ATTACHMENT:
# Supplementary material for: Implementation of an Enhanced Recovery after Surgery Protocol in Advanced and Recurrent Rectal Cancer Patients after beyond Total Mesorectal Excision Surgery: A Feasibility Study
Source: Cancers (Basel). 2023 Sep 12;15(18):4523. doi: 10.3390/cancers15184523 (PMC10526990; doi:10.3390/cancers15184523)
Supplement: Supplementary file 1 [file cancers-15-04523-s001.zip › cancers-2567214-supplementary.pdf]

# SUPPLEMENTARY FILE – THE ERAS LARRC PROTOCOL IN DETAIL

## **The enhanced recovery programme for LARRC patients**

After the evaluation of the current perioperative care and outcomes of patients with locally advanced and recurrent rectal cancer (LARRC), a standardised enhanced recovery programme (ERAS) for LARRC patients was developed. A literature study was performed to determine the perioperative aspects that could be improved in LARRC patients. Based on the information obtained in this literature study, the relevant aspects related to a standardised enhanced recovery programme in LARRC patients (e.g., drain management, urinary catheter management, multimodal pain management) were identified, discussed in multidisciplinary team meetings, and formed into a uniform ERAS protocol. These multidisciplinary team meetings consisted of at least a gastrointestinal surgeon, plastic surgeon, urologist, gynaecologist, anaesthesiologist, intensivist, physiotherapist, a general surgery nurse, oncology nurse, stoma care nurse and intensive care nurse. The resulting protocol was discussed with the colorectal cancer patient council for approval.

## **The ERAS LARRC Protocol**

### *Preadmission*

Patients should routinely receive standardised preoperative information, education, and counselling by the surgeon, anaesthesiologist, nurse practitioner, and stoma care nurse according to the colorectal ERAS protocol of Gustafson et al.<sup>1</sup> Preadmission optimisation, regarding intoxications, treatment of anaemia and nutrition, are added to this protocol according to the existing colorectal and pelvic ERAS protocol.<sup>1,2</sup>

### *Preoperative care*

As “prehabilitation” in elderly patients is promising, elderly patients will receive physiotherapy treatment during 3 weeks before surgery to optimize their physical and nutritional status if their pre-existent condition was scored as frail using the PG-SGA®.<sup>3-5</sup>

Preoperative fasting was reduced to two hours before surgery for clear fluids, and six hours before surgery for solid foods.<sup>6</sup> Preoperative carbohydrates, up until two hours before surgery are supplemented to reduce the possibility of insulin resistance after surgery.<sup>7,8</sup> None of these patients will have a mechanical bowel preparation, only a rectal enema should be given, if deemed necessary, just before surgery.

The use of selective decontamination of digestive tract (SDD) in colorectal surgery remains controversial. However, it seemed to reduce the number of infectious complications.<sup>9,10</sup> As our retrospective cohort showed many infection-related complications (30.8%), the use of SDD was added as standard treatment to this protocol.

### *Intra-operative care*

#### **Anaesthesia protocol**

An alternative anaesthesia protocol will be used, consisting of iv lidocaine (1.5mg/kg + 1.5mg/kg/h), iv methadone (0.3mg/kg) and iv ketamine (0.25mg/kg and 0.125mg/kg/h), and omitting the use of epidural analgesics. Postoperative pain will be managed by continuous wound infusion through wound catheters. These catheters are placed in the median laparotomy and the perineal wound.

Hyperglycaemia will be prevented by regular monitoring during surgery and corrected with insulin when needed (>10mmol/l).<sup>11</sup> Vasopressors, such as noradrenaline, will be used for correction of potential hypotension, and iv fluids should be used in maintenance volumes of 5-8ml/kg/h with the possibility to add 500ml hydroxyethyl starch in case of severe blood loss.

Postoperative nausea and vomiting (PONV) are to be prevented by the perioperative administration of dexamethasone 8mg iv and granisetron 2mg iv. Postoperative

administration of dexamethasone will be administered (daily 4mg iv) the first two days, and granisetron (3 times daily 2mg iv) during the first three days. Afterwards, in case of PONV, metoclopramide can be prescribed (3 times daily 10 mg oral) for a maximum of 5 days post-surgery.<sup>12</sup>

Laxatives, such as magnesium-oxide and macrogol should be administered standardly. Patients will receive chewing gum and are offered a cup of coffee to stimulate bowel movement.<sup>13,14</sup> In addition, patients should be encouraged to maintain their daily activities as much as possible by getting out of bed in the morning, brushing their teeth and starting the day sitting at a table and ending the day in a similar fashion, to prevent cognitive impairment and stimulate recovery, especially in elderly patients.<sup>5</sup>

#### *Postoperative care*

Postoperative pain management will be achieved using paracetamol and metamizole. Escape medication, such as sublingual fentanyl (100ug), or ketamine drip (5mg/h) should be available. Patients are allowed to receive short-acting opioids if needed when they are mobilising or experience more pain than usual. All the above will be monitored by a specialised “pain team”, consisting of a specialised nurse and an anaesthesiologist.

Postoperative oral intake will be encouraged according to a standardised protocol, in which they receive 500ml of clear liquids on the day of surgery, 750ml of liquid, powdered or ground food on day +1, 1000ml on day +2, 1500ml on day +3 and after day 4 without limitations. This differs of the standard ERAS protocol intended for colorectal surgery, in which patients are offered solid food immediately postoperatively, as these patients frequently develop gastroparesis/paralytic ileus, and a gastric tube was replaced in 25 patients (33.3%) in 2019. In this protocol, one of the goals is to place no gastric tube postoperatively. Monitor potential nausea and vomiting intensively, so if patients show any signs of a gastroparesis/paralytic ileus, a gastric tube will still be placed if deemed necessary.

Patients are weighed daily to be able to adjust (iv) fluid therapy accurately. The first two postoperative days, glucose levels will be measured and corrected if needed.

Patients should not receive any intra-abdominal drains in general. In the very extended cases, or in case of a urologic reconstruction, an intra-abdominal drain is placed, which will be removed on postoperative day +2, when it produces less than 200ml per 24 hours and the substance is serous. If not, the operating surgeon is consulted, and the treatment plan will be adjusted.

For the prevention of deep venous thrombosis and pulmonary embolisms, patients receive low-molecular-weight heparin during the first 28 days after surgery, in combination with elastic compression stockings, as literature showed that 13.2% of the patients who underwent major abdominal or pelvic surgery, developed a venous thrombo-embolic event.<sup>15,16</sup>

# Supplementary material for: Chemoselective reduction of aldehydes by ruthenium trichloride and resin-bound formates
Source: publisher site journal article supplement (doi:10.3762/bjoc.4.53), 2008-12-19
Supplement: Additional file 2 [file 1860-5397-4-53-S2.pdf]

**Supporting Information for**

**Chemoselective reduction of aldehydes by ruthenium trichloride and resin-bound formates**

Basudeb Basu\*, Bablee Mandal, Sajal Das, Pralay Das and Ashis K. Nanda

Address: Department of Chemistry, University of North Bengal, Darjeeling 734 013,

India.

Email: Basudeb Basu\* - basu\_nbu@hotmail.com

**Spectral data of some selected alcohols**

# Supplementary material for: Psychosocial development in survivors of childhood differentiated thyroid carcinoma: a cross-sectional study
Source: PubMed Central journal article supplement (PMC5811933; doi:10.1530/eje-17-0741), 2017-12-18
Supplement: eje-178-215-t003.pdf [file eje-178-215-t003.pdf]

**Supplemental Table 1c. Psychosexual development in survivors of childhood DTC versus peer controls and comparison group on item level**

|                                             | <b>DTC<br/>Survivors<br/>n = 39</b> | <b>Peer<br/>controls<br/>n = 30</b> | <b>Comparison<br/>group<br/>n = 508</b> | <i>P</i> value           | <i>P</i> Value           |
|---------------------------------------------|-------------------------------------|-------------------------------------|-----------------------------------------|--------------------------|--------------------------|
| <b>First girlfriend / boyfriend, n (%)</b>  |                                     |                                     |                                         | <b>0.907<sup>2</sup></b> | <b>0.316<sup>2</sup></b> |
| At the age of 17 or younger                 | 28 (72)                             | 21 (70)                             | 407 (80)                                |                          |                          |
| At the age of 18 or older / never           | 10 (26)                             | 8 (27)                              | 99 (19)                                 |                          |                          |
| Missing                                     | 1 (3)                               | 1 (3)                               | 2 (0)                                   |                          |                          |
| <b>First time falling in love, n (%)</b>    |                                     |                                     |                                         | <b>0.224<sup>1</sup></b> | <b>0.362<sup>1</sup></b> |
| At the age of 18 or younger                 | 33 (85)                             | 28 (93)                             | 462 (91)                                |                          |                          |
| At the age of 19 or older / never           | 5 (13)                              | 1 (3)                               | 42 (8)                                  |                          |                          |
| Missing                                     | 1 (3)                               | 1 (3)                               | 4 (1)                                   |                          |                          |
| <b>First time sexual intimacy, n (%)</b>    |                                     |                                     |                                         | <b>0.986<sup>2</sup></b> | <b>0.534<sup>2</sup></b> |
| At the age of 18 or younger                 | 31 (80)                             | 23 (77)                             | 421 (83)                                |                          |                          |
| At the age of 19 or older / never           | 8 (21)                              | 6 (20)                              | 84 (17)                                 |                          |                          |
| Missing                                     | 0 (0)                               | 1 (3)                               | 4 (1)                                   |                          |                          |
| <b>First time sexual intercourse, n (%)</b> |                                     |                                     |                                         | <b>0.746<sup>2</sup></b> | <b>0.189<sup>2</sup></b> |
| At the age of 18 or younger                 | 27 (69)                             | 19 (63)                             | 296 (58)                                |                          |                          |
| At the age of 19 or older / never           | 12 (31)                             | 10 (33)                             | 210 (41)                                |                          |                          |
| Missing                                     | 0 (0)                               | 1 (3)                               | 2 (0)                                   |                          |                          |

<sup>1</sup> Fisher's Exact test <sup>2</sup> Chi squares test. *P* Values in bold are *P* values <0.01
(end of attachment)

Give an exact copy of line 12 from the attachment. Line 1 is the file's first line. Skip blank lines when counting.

Preoperative fasting was reduced to two hours before surgery for clear fluids, and six hours before surgery for solid foods.<sup>6</sup> Preoperative carbohydrates, up until two hours before surgery are supplemented to reduce the possibility of insulin resistance after surgery.<sup>7,8</sup> None of these patients will have a mechanical bowel preparation, only a rectal enema should be given, if deemed necessary, just before surgery.